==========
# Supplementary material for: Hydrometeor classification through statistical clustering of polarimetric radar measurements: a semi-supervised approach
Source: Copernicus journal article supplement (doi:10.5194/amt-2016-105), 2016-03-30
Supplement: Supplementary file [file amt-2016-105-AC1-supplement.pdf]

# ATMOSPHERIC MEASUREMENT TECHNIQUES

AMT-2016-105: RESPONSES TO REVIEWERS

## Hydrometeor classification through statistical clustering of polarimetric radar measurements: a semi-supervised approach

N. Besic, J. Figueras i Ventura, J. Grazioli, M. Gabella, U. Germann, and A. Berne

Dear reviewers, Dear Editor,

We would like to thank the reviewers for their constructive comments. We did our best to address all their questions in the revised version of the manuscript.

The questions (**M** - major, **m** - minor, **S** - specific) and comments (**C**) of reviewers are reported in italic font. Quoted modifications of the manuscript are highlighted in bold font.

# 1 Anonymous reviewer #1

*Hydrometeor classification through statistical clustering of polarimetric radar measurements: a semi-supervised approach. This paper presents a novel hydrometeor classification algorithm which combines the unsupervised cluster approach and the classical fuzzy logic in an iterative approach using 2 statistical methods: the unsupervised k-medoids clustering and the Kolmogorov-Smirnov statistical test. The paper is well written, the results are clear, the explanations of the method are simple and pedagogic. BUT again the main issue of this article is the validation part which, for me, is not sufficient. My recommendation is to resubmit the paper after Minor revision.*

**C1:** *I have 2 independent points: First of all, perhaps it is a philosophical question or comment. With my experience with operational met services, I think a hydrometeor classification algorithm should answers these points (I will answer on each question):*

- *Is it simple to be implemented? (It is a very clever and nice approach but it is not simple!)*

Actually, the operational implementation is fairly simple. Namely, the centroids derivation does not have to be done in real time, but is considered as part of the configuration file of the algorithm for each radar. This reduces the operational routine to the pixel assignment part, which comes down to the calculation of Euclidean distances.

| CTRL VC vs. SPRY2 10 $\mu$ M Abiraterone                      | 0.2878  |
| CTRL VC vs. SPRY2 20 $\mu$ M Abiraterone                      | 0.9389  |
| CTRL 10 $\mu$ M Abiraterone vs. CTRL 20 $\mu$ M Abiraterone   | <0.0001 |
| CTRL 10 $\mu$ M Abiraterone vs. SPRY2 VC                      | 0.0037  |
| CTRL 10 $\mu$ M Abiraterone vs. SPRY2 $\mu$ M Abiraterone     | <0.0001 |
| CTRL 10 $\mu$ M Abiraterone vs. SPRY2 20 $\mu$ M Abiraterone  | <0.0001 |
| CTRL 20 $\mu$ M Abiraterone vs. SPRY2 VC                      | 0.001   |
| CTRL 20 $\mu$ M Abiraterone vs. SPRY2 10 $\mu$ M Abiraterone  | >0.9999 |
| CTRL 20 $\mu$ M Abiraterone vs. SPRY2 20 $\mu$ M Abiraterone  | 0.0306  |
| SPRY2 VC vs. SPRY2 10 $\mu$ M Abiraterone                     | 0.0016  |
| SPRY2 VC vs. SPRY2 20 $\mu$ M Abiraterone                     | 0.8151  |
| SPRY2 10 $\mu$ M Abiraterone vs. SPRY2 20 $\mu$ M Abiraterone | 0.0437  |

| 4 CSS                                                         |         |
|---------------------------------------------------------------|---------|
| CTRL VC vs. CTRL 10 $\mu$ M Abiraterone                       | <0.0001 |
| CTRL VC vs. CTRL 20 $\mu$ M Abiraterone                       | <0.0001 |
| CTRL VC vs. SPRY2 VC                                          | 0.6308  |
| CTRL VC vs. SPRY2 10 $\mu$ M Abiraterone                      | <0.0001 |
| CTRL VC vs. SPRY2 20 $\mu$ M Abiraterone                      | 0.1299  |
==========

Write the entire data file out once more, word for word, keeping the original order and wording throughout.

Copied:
# Supplementary material for: Hydrometeor classification through statistical clustering of polarimetric radar measurements: a semi-supervised approach
Source: Copernicus journal article supplement (doi:10.5194/amt-2016-105), 2016-03-30
Supplement: Supplementary file [file amt-2016-105-AC1-supplement.pdf]

# ATMOSPHERIC MEASUREMENT TECHNIQUES

AMT-2016-105: RESPONSES TO REVIEWERS

## Hydrometeor classification through statistical clustering of polarimetric radar measurements: a semi-supervised approach

N. Besic, J. Figueras i Ventura, J. Grazioli, M. Gabella, U. Germann, and A. Berne

Dear reviewers, Dear Editor,

We would like to thank the reviewers for their constructive comments. We did our best to address all their questions in the revised version of the manuscript.

The questions (**M** - major, **m** - minor, **S** - specific) and comments (**C**) of reviewers are reported in italic font. Quoted modifications of the manuscript are highlighted in bold font.

# 1 Anonymous reviewer #1

*Hydrometeor classification through statistical clustering of polarimetric radar measurements: a semi-supervised approach. This paper presents a novel hydrometeor classification algorithm which combines the unsupervised cluster approach and the classical fuzzy logic in an iterative approach using 2 statistical methods: the unsupervised k-medoids clustering and the Kolmogorov-Smirnov statistical test. The paper is well written, the results are clear, the explanations of the method are simple and pedagogic. BUT again the main issue of this article is the validation part which, for me, is not sufficient. My recommendation is to resubmit the paper after Minor revision.*

**C1:** *I have 2 independent points: First of all, perhaps it is a philosophical question or comment. With my experience with operational met services, I think a hydrometeor classification algorithm should answers these points (I will answer on each question):*

- *Is it simple to be implemented? (It is a very clever and nice approach but it is not simple!)*

Actually, the operational implementation is fairly simple. Namely, the centroids derivation does not have to be done in real time, but is considered as part of the configuration file of the algorithm for each radar. This reduces the operational routine to the pixel assignment part, which comes down to the calculation of Euclidean distances.

| CTRL VC vs. SPRY2 10 $\mu$ M Abiraterone                      | 0.2878  |
| CTRL VC vs. SPRY2 20 $\mu$ M Abiraterone                      | 0.9389  |
| CTRL 10 $\mu$ M Abiraterone vs. CTRL 20 $\mu$ M Abiraterone   | <0.0001 |
| CTRL 10 $\mu$ M Abiraterone vs. SPRY2 VC                      | 0.0037  |
| CTRL 10 $\mu$ M Abiraterone vs. SPRY2 $\mu$ M Abiraterone     | <0.0001 |
| CTRL 10 $\mu$ M Abiraterone vs. SPRY2 20 $\mu$ M Abiraterone  | <0.0001 |
| CTRL 20 $\mu$ M Abiraterone vs. SPRY2 VC                      | 0.001   |
| CTRL 20 $\mu$ M Abiraterone vs. SPRY2 10 $\mu$ M Abiraterone  | >0.9999 |
| CTRL 20 $\mu$ M Abiraterone vs. SPRY2 20 $\mu$ M Abiraterone  | 0.0306  |
| SPRY2 VC vs. SPRY2 10 $\mu$ M Abiraterone                     | 0.0016  |
| SPRY2 VC vs. SPRY2 20 $\mu$ M Abiraterone                     | 0.8151  |
| SPRY2 10 $\mu$ M Abiraterone vs. SPRY2 20 $\mu$ M Abiraterone | 0.0437  |

| 4 CSS                                                         |         |
|---------------------------------------------------------------|---------|
| CTRL VC vs. CTRL 10 $\mu$ M Abiraterone                       | <0.0001 |
| CTRL VC vs. CTRL 20 $\mu$ M Abiraterone                       | <0.0001 |
| CTRL VC vs. SPRY2 VC                                          | 0.6308  |
| CTRL VC vs. SPRY2 10 $\mu$ M Abiraterone                      | <0.0001 |
| CTRL VC vs. SPRY2 20 $\mu$ M Abiraterone                      | 0.1299  |